Image Credit: Caltech
MAPLE’s Space Solar Power Demonstrator (SSPD-1) prototype has successfully beamed power from space to Earth. The prototype satellite was successfully launched into orbit in January 2023
The Sun is an immense powerhouse, without which life on Earth would be impossible. It would be too dark and too cold for life as we know it to exist. Then again, it is not the only factor determining life’s existence on Earth.
Human activities, for one, seem hellbent on making life on Earth unbearable. That is if you go by the axioms of global warming. Man’s industrial and technological revolution continuously releases greenhouse gases into the atmosphere, warming the planet.
The Limitation of Green Energy
Proponents of green energy are very vocal against the continued burning of carbon energy sources such as oil, coal, and natural gas. Instead, they’re advocating for using green energy sources like solar and wind energy.
The problem with green energy is that – for the most part – they are not available on demand. The Sun only shines during the day; its quality and quantity are subject to cloud cover, altitude, and latitude. In most places, the wind’s speed and direction can be erratic and completely unavailable in some seasons.
Uninterruptible Solar Energy in Space
The problem with harnessing solar energy is that the Earth rotates. At night, the solar panels will be on the dark side of the Earth’s rotation. Despite the fact the Sun’s shine on Earth remains constant and has been so for the past billions of years.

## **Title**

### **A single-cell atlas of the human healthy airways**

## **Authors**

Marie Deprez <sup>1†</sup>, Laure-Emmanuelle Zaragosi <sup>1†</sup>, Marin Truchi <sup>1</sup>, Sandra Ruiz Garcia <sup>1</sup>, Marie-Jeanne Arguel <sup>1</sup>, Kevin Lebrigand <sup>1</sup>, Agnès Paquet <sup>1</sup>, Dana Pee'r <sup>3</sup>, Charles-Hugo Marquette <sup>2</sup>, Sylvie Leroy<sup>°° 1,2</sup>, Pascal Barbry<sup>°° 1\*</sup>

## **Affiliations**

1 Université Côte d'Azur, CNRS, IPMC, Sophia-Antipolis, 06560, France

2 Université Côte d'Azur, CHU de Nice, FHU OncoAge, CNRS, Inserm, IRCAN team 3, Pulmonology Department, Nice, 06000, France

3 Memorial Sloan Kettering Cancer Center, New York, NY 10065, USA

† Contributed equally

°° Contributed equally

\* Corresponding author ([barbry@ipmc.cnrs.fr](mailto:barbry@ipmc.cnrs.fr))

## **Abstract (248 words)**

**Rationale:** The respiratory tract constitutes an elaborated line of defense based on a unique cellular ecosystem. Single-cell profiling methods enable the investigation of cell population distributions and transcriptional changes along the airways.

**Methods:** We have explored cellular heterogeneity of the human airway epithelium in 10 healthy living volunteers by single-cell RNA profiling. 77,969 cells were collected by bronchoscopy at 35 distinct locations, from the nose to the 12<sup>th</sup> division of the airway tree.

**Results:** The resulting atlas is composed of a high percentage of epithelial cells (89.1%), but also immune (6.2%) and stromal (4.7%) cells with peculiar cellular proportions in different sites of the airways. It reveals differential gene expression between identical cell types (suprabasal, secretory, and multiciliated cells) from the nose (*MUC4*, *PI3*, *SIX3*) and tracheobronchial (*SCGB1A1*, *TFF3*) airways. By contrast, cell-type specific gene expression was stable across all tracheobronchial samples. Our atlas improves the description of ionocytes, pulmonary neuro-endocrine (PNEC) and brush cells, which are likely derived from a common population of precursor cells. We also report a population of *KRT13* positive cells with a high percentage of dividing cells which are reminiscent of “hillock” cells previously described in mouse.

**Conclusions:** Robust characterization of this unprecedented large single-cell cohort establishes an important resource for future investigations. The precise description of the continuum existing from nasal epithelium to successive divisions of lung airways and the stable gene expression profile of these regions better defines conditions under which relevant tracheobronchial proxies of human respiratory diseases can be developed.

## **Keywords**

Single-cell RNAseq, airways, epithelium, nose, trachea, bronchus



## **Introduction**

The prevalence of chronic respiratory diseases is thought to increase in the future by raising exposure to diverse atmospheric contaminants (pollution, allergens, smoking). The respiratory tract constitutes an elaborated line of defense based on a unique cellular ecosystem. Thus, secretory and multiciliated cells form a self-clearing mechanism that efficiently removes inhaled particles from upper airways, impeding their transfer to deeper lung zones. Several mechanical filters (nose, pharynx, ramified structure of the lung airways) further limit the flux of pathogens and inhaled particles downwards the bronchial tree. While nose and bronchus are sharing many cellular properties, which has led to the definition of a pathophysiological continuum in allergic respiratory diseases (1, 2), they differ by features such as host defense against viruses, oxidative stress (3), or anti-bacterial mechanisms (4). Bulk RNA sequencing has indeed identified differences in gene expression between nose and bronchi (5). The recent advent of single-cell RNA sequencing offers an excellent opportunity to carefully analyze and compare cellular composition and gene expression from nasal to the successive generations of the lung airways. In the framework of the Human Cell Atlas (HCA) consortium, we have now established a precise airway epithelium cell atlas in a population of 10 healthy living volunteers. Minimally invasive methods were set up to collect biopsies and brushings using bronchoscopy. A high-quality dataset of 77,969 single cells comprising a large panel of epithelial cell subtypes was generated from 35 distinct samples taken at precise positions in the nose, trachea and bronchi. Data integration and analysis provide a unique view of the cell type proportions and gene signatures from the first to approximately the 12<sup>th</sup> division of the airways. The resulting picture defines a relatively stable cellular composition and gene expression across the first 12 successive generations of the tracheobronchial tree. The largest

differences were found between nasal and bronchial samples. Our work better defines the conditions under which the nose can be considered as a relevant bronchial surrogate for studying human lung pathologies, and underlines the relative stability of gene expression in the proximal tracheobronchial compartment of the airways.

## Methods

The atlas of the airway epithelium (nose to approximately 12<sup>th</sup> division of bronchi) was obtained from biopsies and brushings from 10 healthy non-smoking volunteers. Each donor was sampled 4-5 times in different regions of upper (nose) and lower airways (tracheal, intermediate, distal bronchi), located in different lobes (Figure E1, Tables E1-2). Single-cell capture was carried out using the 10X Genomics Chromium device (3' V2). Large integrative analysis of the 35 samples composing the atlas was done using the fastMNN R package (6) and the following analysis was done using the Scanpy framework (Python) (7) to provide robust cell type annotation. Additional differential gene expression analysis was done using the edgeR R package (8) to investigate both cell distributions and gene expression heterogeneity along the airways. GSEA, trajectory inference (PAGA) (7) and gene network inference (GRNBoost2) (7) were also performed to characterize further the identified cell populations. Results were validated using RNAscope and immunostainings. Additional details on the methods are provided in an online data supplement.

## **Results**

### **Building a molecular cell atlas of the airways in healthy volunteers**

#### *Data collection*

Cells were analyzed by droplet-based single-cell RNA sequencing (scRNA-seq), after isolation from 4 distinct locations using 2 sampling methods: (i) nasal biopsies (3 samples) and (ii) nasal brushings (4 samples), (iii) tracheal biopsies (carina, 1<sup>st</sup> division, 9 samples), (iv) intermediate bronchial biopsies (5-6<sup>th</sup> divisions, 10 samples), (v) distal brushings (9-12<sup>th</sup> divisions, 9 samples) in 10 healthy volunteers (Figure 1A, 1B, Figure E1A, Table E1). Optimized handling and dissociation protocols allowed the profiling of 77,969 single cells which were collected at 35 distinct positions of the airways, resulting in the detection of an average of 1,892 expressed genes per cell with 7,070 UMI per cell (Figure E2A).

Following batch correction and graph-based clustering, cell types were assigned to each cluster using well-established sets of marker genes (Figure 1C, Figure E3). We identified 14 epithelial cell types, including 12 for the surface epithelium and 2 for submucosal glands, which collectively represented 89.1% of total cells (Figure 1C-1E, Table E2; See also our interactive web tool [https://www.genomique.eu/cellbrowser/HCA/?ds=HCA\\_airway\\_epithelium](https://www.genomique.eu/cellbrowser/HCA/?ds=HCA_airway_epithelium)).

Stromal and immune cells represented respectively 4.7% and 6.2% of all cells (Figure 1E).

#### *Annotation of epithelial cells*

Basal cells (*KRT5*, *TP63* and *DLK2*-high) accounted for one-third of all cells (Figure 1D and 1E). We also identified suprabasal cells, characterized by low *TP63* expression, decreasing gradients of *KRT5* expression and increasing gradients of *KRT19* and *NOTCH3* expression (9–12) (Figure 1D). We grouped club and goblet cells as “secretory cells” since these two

Additionally, there is little skepticism that the Sun will not continue shining on Earth for the next billions of years. In a nutshell, it is an inexhaustible power source with zero carbon emissions. The only problem is that humans have been harnessing this power from Earth’s surface, which keeps on rotating away from the Sun.
Beaming Electricity Wirelessly from Space
Caltech – California Institute of Technology – runs a space program called MAPLE (Microwave Array for Power-transfer Low-orbit Experiment). This program sends solar panels into low orbit space and wirelessly beams the electricity to a ground station.
The program uses microwave technology to zap power harnessed by the solar panels back to ground stations. The greatest advantage of the program is that solar energy has far fewer distractions in terms of harvesting compared to solar panels on the ground surface.
“In the same way that the internet democratized access to information, we hope that wireless energy transfer democratizes access to energy. No energy transmission infrastructure will be needed on the ground to receive this power. That means we can send energy to remote regions and areas devastated by war or natural disaster,” said Ali Hajimiri, Bren Professor of Electrical Engineering and Medical Engineering.
This project promises to avail power to even the remotest parts of the planet without the need first to install the traditional expensive power transmission infrastructure. All that is needed is a few portable ground receivers that will get the electricity being beamed down from space using wireless microwave technology.